The Bombay High Court in Lavasa Corporation Limited V. Manju Narendra Joshi while concluding that the definition of “allottee” includes sale via an agreement to lease under RERA, held that:

“If they are excluded from the definition of 'Allottee' and thereby from the protection given under the Act, by giving restrictive meaning to the term 'Allottee', the very object of the Act would stand frustrated.” 

Highlighting the object of RERA to regulate the real estate industry, ensure greater accountability towards consumers and reduce frauds and delays, bring about standardization, professionalism and the transparency, for protecting the interests of consumers, averred that RERA cannot be to interpreted exclude such persons, who have invested huge amount in the Real Estate Project, maybe under the 'Agreement of Lease' and taken such apartment on the lease of '999 years', which transaction is, in reality, the transaction of sale.

In the said case, the respondents had already invested more than 80% of the consideration amount of the said apartment in the Real Estate Project of the Appellant. Their interests in the project undertaken by the Appellant were interpreted to be as that of the 'Allottees', who have entered into such 'Agreements' for the purpose of purchase of the said flat/apartment. Furthermore, the Court also held that the term 'selling' used in the definitions of 'Promoter' and 'Real Estate Project' also includes the allotment of a plot by lease. Merely because the Legislature has excluded the allotment when it is given on rent, it does not exclude the long term lease that was crystallized herein. 

Frequently Asked Questions

What is Rera and what is its main objective?

The Real Estate (Regulation and Development) Act, 2016 (RERA) is an Act passed by the Indian Parliament. Its main objective is to protect the interests of home-buyers and also boost investments in the real estate sector.

Why is Rera important?

Since the objective of RERA is to protect customers especially through the period of construction of the project, having the Occupancy certificate reduces the risk to the consumer drastically.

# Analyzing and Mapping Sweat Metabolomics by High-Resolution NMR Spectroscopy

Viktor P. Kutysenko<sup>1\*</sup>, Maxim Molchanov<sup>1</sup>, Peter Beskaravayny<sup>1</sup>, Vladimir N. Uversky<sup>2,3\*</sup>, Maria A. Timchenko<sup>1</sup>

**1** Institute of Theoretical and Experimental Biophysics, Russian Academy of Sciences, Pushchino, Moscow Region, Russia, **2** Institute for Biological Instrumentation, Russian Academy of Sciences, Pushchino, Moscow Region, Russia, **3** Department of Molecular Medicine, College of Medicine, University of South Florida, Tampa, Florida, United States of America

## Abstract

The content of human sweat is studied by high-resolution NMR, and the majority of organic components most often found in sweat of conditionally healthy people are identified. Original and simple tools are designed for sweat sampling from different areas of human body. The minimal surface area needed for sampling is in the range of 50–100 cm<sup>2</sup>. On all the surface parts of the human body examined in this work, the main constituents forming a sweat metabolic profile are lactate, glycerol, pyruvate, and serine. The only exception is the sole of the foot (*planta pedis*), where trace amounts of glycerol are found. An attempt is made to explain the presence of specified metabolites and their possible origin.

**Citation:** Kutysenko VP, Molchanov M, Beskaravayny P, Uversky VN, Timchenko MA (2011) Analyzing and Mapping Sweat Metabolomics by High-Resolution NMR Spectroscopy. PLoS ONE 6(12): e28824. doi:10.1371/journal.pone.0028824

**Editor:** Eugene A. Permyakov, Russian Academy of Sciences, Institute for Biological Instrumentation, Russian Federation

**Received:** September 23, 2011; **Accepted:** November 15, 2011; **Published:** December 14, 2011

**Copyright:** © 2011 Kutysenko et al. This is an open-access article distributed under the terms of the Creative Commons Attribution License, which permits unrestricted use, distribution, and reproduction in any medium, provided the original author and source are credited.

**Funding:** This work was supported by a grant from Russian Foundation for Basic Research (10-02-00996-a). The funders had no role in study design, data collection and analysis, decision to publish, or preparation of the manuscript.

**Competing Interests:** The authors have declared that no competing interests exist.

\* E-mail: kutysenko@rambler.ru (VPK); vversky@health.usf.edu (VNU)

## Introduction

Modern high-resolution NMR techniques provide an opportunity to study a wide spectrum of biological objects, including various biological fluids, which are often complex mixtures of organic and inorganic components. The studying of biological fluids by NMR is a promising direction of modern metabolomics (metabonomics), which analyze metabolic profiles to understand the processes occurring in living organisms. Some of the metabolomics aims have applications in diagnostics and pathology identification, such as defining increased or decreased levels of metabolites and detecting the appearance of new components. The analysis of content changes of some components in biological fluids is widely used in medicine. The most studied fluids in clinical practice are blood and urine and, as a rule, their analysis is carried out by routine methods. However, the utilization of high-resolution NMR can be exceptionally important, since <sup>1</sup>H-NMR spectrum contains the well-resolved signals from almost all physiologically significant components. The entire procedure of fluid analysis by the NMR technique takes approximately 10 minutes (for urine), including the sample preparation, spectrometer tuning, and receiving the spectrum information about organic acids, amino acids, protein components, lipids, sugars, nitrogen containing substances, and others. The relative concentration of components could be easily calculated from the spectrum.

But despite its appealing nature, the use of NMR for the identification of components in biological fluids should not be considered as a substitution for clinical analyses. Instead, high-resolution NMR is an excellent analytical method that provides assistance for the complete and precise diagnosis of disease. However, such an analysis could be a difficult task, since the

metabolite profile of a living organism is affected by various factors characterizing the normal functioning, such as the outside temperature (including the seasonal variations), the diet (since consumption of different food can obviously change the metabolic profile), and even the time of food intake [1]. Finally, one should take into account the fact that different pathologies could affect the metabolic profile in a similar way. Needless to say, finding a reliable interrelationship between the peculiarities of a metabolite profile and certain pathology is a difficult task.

What happens if the builder delays possession?

“No real estate developer wants to delay his project by not handing over possession on the specified date, as the RERA prescribes penalties for delayed possession. However, delays are usually caused by bureaucracy and 'red tape', over which the real estate developer has no control.

Is Rera approval mandatory for plots?

Yes, from the date of commencement of the RERA Act (1st May 2017), it is mandatory to first register with the regulatory authority. Only then can the promoters book, sell, advertise or market these real estate projects.

How long can a builder delay?

Your builder must notify you in writing at least 65 days prior to the original closing date in your purchase agreement in order to delay your closing up to a maximum of 120 days.

Reviewed by: Antim Amlan
Associate - Legal, MyAdvo Techserve Pvt. Ltd.

Antim Amlan is the in-house corporate counsel for MyAdvo and has been associated since the inception of the legal team.

Antim is a graduate from National Law University Odisha and has the expertise of consulting several corporates on litigation strategies, due diligence projects, regulatory compliance & licensing. He also advises corporates on structuring of the work processes based on subject matter and curating suitable legal solutions that benefit the corporate clients. He is an avid blogger and has interest in Corporate, Banking and Finance laws.

LinkedIn: https://www.linkedin.com/in/antimamlan

Email: antim@myadvo.in